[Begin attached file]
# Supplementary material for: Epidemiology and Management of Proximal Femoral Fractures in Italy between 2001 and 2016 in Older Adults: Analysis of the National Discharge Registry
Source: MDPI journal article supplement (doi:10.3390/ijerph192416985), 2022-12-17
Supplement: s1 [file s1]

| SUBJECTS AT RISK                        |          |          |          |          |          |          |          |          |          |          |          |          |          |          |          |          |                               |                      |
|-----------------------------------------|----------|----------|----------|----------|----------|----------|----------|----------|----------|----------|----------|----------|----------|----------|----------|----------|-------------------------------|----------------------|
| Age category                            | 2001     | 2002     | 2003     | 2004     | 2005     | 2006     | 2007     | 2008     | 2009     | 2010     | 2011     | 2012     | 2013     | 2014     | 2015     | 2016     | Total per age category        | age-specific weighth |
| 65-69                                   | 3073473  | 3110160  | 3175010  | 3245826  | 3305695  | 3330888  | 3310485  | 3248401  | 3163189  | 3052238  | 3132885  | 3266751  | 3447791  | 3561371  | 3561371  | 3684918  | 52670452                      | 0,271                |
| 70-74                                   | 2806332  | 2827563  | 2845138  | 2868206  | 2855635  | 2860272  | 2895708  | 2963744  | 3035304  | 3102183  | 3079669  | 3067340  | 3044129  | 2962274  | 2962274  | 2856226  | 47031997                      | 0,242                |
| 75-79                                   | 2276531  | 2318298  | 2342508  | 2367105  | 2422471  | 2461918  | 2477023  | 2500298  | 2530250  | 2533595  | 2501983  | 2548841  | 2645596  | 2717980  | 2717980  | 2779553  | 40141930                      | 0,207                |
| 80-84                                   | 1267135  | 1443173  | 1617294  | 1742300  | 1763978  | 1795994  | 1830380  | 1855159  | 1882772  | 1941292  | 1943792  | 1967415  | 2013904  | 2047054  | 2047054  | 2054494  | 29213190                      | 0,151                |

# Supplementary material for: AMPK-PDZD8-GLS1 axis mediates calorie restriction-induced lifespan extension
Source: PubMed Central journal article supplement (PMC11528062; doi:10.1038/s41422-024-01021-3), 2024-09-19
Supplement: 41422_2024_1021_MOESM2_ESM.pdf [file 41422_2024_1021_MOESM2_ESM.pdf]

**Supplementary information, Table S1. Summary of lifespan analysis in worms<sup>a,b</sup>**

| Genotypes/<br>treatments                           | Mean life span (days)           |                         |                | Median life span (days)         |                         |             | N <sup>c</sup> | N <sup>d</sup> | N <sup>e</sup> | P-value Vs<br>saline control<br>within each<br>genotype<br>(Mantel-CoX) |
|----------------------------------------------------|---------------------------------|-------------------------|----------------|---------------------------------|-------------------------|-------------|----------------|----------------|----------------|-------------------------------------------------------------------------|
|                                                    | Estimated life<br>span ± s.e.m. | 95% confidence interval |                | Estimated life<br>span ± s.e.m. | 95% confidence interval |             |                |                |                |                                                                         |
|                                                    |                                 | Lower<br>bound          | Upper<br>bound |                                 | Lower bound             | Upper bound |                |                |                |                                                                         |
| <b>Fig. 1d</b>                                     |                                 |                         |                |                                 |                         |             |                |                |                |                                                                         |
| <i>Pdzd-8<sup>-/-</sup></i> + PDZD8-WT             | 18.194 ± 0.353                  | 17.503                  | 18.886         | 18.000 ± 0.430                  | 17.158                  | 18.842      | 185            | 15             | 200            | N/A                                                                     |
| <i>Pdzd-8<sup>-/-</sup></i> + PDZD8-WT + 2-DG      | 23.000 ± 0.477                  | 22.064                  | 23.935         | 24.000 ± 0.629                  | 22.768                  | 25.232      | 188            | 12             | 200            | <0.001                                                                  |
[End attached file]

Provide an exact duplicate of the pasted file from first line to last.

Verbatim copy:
# Supplementary material for: Epidemiology and Management of Proximal Femoral Fractures in Italy between 2001 and 2016 in Older Adults: Analysis of the National Discharge Registry
Source: MDPI journal article supplement (doi:10.3390/ijerph192416985), 2022-12-17
Supplement: s1 [file s1]

| SUBJECTS AT RISK                        |          |          |          |          |          |          |          |          |          |          |          |          |          |          |          |          |                               |                      |
|-----------------------------------------|----------|----------|----------|----------|----------|----------|----------|----------|----------|----------|----------|----------|----------|----------|----------|----------|-------------------------------|----------------------|
| Age category                            | 2001     | 2002     | 2003     | 2004     | 2005     | 2006     | 2007     | 2008     | 2009     | 2010     | 2011     | 2012     | 2013     | 2014     | 2015     | 2016     | Total per age category        | age-specific weighth |
| 65-69                                   | 3073473  | 3110160  | 3175010  | 3245826  | 3305695  | 3330888  | 3310485  | 3248401  | 3163189  | 3052238  | 3132885  | 3266751  | 3447791  | 3561371  | 3561371  | 3684918  | 52670452                      | 0,271                |
| 70-74                                   | 2806332  | 2827563  | 2845138  | 2868206  | 2855635  | 2860272  | 2895708  | 2963744  | 3035304  | 3102183  | 3079669  | 3067340  | 3044129  | 2962274  | 2962274  | 2856226  | 47031997                      | 0,242                |
| 75-79                                   | 2276531  | 2318298  | 2342508  | 2367105  | 2422471  | 2461918  | 2477023  | 2500298  | 2530250  | 2533595  | 2501983  | 2548841  | 2645596  | 2717980  | 2717980  | 2779553  | 40141930                      | 0,207                |
| 80-84                                   | 1267135  | 1443173  | 1617294  | 1742300  | 1763978  | 1795994  | 1830380  | 1855159  | 1882772  | 1941292  | 1943792  | 1967415  | 2013904  | 2047054  | 2047054  | 2054494  | 29213190                      | 0,151                |

# Supplementary material for: AMPK-PDZD8-GLS1 axis mediates calorie restriction-induced lifespan extension
Source: PubMed Central journal article supplement (PMC11528062; doi:10.1038/s41422-024-01021-3), 2024-09-19
Supplement: 41422_2024_1021_MOESM2_ESM.pdf [file 41422_2024_1021_MOESM2_ESM.pdf]

**Supplementary information, Table S1. Summary of lifespan analysis in worms<sup>a,b</sup>**

| Genotypes/<br>treatments                           | Mean life span (days)           |                         |                | Median life span (days)         |                         |             | N <sup>c</sup> | N <sup>d</sup> | N <sup>e</sup> | P-value Vs<br>saline control<br>within each<br>genotype<br>(Mantel-CoX) |
|----------------------------------------------------|---------------------------------|-------------------------|----------------|---------------------------------|-------------------------|-------------|----------------|----------------|----------------|-------------------------------------------------------------------------|
|                                                    | Estimated life<br>span ± s.e.m. | 95% confidence interval |                | Estimated life<br>span ± s.e.m. | 95% confidence interval |             |                |                |                |                                                                         |
|                                                    |                                 | Lower<br>bound          | Upper<br>bound |                                 | Lower bound             | Upper bound |                |                |                |                                                                         |
| <b>Fig. 1d</b>                                     |                                 |                         |                |                                 |                         |             |                |                |                |                                                                         |
| <i>Pdzd-8<sup>-/-</sup></i> + PDZD8-WT             | 18.194 ± 0.353                  | 17.503                  | 18.886         | 18.000 ± 0.430                  | 17.158                  | 18.842      | 185            | 15             | 200            | N/A                                                                     |
| <i>Pdzd-8<sup>-/-</sup></i> + PDZD8-WT + 2-DG      | 23.000 ± 0.477                  | 22.064                  | 23.935         | 24.000 ± 0.629                  | 22.768                  | 25.232      | 188            | 12             | 200            | <0.001                                                                  |